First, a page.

Judge Parry presided over a case at the Manchester County Court, where the Limerick Steamship Company Limited filed a lawsuit against the Manchester Coasting and General Steamship Company Limited, seeking damages for an alleged breach of charter party. The judge only had to consider the questions of law and fact due to a prior agreement that any damages to be assessed would be referred to assessors.
In their claim, the Limerick Steamship Company stated that they had chartered a steamship from the defendants for carrying merchandise to Ireland and were provided with the Dolphin steamer. However, upon attempting to load the ship, it was discovered that the vessel had recently carried petroleum, leaving a strong odor. Given that the new cargo included flour, the plaintiffs were unable to use the ship, causing a delay.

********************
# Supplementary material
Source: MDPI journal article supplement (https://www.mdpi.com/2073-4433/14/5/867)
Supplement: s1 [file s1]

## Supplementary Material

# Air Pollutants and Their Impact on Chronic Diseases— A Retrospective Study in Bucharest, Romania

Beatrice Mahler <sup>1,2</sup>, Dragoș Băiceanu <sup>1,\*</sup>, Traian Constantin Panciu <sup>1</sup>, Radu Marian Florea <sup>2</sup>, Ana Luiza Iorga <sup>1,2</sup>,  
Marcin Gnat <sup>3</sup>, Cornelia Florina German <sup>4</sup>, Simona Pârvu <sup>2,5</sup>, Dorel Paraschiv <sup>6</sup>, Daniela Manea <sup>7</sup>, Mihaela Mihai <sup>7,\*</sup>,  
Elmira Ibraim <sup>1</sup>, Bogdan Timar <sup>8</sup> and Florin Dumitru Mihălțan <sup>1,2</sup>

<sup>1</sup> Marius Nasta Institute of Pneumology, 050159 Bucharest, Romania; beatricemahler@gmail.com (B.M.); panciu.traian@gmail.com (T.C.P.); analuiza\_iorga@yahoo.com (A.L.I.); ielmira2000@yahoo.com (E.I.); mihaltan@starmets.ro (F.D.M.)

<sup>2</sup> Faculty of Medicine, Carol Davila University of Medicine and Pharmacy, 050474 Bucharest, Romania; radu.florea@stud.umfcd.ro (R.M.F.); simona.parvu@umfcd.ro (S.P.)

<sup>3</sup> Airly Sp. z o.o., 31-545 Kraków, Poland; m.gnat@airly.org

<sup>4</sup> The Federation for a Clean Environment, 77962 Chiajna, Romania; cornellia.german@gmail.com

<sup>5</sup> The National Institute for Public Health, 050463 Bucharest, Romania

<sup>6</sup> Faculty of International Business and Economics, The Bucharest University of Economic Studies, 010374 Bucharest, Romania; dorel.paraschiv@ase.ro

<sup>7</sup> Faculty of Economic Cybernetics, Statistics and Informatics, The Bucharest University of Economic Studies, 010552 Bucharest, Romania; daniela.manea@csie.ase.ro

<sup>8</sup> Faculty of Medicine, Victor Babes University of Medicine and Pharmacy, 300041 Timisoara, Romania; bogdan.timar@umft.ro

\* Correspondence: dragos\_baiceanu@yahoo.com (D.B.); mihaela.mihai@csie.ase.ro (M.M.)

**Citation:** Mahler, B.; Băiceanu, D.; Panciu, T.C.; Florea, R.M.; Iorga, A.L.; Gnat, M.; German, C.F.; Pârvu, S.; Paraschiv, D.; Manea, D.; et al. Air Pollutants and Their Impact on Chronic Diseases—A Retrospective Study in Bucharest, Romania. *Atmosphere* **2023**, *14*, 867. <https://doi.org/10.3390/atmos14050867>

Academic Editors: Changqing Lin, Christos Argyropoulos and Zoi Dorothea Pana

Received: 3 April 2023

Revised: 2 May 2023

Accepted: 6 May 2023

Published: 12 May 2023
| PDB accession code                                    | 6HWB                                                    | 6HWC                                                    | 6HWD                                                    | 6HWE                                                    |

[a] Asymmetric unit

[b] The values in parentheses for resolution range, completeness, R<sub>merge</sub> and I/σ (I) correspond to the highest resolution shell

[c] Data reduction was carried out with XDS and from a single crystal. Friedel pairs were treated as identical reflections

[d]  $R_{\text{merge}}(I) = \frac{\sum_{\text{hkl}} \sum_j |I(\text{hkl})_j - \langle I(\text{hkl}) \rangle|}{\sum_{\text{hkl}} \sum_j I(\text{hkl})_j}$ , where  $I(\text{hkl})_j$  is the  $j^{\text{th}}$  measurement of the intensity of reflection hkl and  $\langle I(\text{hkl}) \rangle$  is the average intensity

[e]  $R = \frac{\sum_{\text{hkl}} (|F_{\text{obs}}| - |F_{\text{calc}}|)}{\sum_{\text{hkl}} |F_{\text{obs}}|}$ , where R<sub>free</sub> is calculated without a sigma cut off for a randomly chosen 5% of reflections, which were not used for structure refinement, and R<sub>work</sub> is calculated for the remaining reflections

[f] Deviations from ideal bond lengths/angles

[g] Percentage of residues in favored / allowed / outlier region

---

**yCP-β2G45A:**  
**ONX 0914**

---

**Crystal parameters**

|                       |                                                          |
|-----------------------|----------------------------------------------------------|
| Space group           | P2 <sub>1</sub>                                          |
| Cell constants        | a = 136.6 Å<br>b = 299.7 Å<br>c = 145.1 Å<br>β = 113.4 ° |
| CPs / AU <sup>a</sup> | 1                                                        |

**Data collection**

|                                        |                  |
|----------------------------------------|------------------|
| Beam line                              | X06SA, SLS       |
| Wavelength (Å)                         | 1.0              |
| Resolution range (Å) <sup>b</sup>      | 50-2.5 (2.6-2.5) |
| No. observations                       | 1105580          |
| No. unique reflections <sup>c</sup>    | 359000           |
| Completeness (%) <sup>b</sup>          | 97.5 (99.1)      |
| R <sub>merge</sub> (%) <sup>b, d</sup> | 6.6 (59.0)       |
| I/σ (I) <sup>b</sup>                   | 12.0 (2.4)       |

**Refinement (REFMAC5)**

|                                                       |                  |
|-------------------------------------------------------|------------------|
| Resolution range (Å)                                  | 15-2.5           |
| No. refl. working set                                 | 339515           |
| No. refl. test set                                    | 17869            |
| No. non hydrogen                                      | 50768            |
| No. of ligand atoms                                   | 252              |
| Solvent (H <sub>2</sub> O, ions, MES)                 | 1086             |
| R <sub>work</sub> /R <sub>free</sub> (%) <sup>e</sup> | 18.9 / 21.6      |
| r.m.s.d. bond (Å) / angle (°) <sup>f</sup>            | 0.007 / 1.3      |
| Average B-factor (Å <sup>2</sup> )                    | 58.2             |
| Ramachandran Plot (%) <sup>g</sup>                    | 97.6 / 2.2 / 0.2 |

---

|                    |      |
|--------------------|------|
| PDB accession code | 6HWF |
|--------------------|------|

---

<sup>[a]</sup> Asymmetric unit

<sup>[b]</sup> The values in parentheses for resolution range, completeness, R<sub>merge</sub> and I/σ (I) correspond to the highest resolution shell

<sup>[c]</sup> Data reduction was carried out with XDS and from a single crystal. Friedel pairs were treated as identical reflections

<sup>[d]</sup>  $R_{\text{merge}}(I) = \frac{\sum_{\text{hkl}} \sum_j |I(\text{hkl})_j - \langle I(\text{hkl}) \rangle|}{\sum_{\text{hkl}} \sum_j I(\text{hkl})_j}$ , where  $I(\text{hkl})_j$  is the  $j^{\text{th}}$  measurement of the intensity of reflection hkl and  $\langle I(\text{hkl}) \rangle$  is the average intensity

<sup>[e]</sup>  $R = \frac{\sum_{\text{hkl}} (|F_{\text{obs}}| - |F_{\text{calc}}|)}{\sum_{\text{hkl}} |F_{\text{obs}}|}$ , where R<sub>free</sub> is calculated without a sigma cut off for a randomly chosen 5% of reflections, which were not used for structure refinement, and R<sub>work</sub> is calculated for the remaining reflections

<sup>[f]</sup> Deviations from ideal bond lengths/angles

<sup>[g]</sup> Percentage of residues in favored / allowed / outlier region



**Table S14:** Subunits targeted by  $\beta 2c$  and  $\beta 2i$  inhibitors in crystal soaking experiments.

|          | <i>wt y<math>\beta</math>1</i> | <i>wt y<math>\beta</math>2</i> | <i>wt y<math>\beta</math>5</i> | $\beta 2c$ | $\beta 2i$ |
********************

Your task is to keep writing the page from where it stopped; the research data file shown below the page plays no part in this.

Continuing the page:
The defendants argued that they were not responsible for the delay, and due to the information they possessed, they were not entitled to ship sensitive cargo such as flour, which would inevitably be affected by the petroleum odor.
Judge Parry ruled in favor of the plaintiffs, dismissing the defendants’ counterclaim for a loss on the chartered freight. This case highlights the importance of maintaining transparency and accountability in shipping contracts, as well as appropriate measures for ensuring safe transportation of delicate cargo.
Manchester Evening News – Friday 27 March 1903